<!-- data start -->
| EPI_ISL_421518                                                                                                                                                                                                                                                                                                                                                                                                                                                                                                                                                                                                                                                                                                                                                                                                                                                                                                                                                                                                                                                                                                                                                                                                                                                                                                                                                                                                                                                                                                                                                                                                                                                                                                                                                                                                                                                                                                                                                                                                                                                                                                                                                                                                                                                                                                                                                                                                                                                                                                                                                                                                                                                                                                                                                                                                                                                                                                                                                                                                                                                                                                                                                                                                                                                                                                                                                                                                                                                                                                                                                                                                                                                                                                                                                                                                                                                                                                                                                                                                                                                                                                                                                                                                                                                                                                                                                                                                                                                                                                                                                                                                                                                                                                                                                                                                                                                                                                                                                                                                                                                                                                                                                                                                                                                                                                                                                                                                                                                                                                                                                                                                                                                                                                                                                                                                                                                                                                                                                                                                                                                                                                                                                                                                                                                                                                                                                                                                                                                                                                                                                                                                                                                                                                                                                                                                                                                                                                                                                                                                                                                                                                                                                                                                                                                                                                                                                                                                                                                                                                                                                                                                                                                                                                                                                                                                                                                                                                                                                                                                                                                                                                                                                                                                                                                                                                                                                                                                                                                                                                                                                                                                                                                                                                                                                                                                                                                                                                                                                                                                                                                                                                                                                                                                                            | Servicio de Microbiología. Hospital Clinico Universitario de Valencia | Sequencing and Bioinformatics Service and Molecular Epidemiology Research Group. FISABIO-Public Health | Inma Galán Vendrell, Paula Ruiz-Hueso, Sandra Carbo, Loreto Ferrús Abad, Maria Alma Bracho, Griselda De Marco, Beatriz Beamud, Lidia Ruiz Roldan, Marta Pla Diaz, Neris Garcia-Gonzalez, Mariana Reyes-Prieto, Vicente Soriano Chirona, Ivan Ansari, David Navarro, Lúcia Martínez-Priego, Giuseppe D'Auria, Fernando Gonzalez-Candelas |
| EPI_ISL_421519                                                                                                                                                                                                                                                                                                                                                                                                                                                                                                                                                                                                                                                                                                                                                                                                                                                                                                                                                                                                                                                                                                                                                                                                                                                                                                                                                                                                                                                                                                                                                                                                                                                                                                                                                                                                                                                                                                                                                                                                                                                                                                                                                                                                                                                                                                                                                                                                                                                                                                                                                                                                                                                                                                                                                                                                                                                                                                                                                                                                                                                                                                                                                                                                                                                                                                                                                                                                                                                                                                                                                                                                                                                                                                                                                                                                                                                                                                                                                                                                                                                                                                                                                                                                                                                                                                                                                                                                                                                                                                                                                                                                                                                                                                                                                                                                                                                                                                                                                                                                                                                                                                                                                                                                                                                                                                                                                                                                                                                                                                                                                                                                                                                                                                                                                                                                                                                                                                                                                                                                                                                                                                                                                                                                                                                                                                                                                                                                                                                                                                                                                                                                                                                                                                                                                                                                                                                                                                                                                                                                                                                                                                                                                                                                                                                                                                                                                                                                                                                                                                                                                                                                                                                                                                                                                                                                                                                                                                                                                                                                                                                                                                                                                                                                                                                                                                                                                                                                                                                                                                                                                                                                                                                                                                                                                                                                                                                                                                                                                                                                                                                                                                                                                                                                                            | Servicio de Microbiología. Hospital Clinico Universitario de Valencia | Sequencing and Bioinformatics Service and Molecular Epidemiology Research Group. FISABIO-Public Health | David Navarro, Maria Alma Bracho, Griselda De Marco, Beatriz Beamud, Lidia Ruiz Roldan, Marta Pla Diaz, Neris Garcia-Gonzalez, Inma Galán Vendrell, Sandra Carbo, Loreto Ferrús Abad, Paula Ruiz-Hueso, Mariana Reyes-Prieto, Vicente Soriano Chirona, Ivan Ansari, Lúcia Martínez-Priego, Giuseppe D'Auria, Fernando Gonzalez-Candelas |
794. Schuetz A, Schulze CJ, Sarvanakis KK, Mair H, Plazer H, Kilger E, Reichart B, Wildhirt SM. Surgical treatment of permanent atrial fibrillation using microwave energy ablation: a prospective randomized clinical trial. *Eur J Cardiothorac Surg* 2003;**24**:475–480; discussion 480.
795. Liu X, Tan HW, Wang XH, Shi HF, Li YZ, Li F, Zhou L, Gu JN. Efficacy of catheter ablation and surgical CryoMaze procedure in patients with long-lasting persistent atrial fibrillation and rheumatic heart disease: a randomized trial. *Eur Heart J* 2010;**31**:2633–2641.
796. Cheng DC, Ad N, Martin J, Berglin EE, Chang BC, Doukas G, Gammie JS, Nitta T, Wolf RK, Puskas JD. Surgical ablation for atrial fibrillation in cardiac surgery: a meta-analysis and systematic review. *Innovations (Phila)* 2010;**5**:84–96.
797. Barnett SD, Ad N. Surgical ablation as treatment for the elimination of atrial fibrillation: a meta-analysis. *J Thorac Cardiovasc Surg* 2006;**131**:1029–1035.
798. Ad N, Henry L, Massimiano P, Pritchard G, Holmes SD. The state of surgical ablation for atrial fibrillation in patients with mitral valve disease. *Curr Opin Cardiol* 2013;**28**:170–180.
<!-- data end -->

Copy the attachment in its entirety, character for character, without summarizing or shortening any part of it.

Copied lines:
| EPI_ISL_421518                                                                                                                                                                                                                                                                                                                                                                                                                                                                                                                                                                                                                                                                                                                                                                                                                                                                                                                                                                                                                                                                                                                                                                                                                                                                                                                                                                                                                                                                                                                                                                                                                                                                                                                                                                                                                                                                                                                                                                                                                                                                                                                                                                                                                                                                                                                                                                                                                                                                                                                                                                                                                                                                                                                                                                                                                                                                                                                                                                                                                                                                                                                                                                                                                                                                                                                                                                                                                                                                                                                                                                                                                                                                                                                                                                                                                                                                                                                                                                                                                                                                                                                                                                                                                                                                                                                                                                                                                                                                                                                                                                                                                                                                                                                                                                                                                                                                                                                                                                                                                                                                                                                                                                                                                                                                                                                                                                                                                                                                                                                                                                                                                                                                                                                                                                                                                                                                                                                                                                                                                                                                                                                                                                                                                                                                                                                                                                                                                                                                                                                                                                                                                                                                                                                                                                                                                                                                                                                                                                                                                                                                                                                                                                                                                                                                                                                                                                                                                                                                                                                                                                                                                                                                                                                                                                                                                                                                                                                                                                                                                                                                                                                                                                                                                                                                                                                                                                                                                                                                                                                                                                                                                                                                                                                                                                                                                                                                                                                                                                                                                                                                                                                                                                                                                            | Servicio de Microbiología. Hospital Clinico Universitario de Valencia | Sequencing and Bioinformatics Service and Molecular Epidemiology Research Group. FISABIO-Public Health | Inma Galán Vendrell, Paula Ruiz-Hueso, Sandra Carbo, Loreto Ferrús Abad, Maria Alma Bracho, Griselda De Marco, Beatriz Beamud, Lidia Ruiz Roldan, Marta Pla Diaz, Neris Garcia-Gonzalez, Mariana Reyes-Prieto, Vicente Soriano Chirona, Ivan Ansari, David Navarro, Lúcia Martínez-Priego, Giuseppe D'Auria, Fernando Gonzalez-Candelas |
| EPI_ISL_421519                                                                                                                                                                                                                                                                                                                                                                                                                                                                                                                                                                                                                                                                                                                                                                                                                                                                                                                                                                                                                                                                                                                                                                                                                                                                                                                                                                                                                                                                                                                                                                                                                                                                                                                                                                                                                                                                                                                                                                                                                                                                                                                                                                                                                                                                                                                                                                                                                                                                                                                                                                                                                                                                                                                                                                                                                                                                                                                                                                                                                                                                                                                                                                                                                                                                                                                                                                                                                                                                                                                                                                                                                                                                                                                                                                                                                                                                                                                                                                                                                                                                                                                                                                                                                                                                                                                                                                                                                                                                                                                                                                                                                                                                                                                                                                                                                                                                                                                                                                                                                                                                                                                                                                                                                                                                                                                                                                                                                                                                                                                                                                                                                                                                                                                                                                                                                                                                                                                                                                                                                                                                                                                                                                                                                                                                                                                                                                                                                                                                                                                                                                                                                                                                                                                                                                                                                                                                                                                                                                                                                                                                                                                                                                                                                                                                                                                                                                                                                                                                                                                                                                                                                                                                                                                                                                                                                                                                                                                                                                                                                                                                                                                                                                                                                                                                                                                                                                                                                                                                                                                                                                                                                                                                                                                                                                                                                                                                                                                                                                                                                                                                                                                                                                                                                            | Servicio de Microbiología. Hospital Clinico Universitario de Valencia | Sequencing and Bioinformatics Service and Molecular Epidemiology Research Group. FISABIO-Public Health | David Navarro, Maria Alma Bracho, Griselda De Marco, Beatriz Beamud, Lidia Ruiz Roldan, Marta Pla Diaz, Neris Garcia-Gonzalez, Inma Galán Vendrell, Sandra Carbo, Loreto Ferrús Abad, Paula Ruiz-Hueso, Mariana Reyes-Prieto, Vicente Soriano Chirona, Ivan Ansari, Lúcia Martínez-Priego, Giuseppe D'Auria, Fernando Gonzalez-Candelas |
794. Schuetz A, Schulze CJ, Sarvanakis KK, Mair H, Plazer H, Kilger E, Reichart B, Wildhirt SM. Surgical treatment of permanent atrial fibrillation using microwave energy ablation: a prospective randomized clinical trial. *Eur J Cardiothorac Surg* 2003;**24**:475–480; discussion 480.
795. Liu X, Tan HW, Wang XH, Shi HF, Li YZ, Li F, Zhou L, Gu JN. Efficacy of catheter ablation and surgical CryoMaze procedure in patients with long-lasting persistent atrial fibrillation and rheumatic heart disease: a randomized trial. *Eur Heart J* 2010;**31**:2633–2641.
796. Cheng DC, Ad N, Martin J, Berglin EE, Chang BC, Doukas G, Gammie JS, Nitta T, Wolf RK, Puskas JD. Surgical ablation for atrial fibrillation in cardiac surgery: a meta-analysis and systematic review. *Innovations (Phila)* 2010;**5**:84–96.
797. Barnett SD, Ad N. Surgical ablation as treatment for the elimination of atrial fibrillation: a meta-analysis. *J Thorac Cardiovasc Surg* 2006;**131**:1029–1035.
798. Ad N, Henry L, Massimiano P, Pritchard G, Holmes SD. The state of surgical ablation for atrial fibrillation in patients with mitral valve disease. *Curr Opin Cardiol* 2013;**28**:170–180.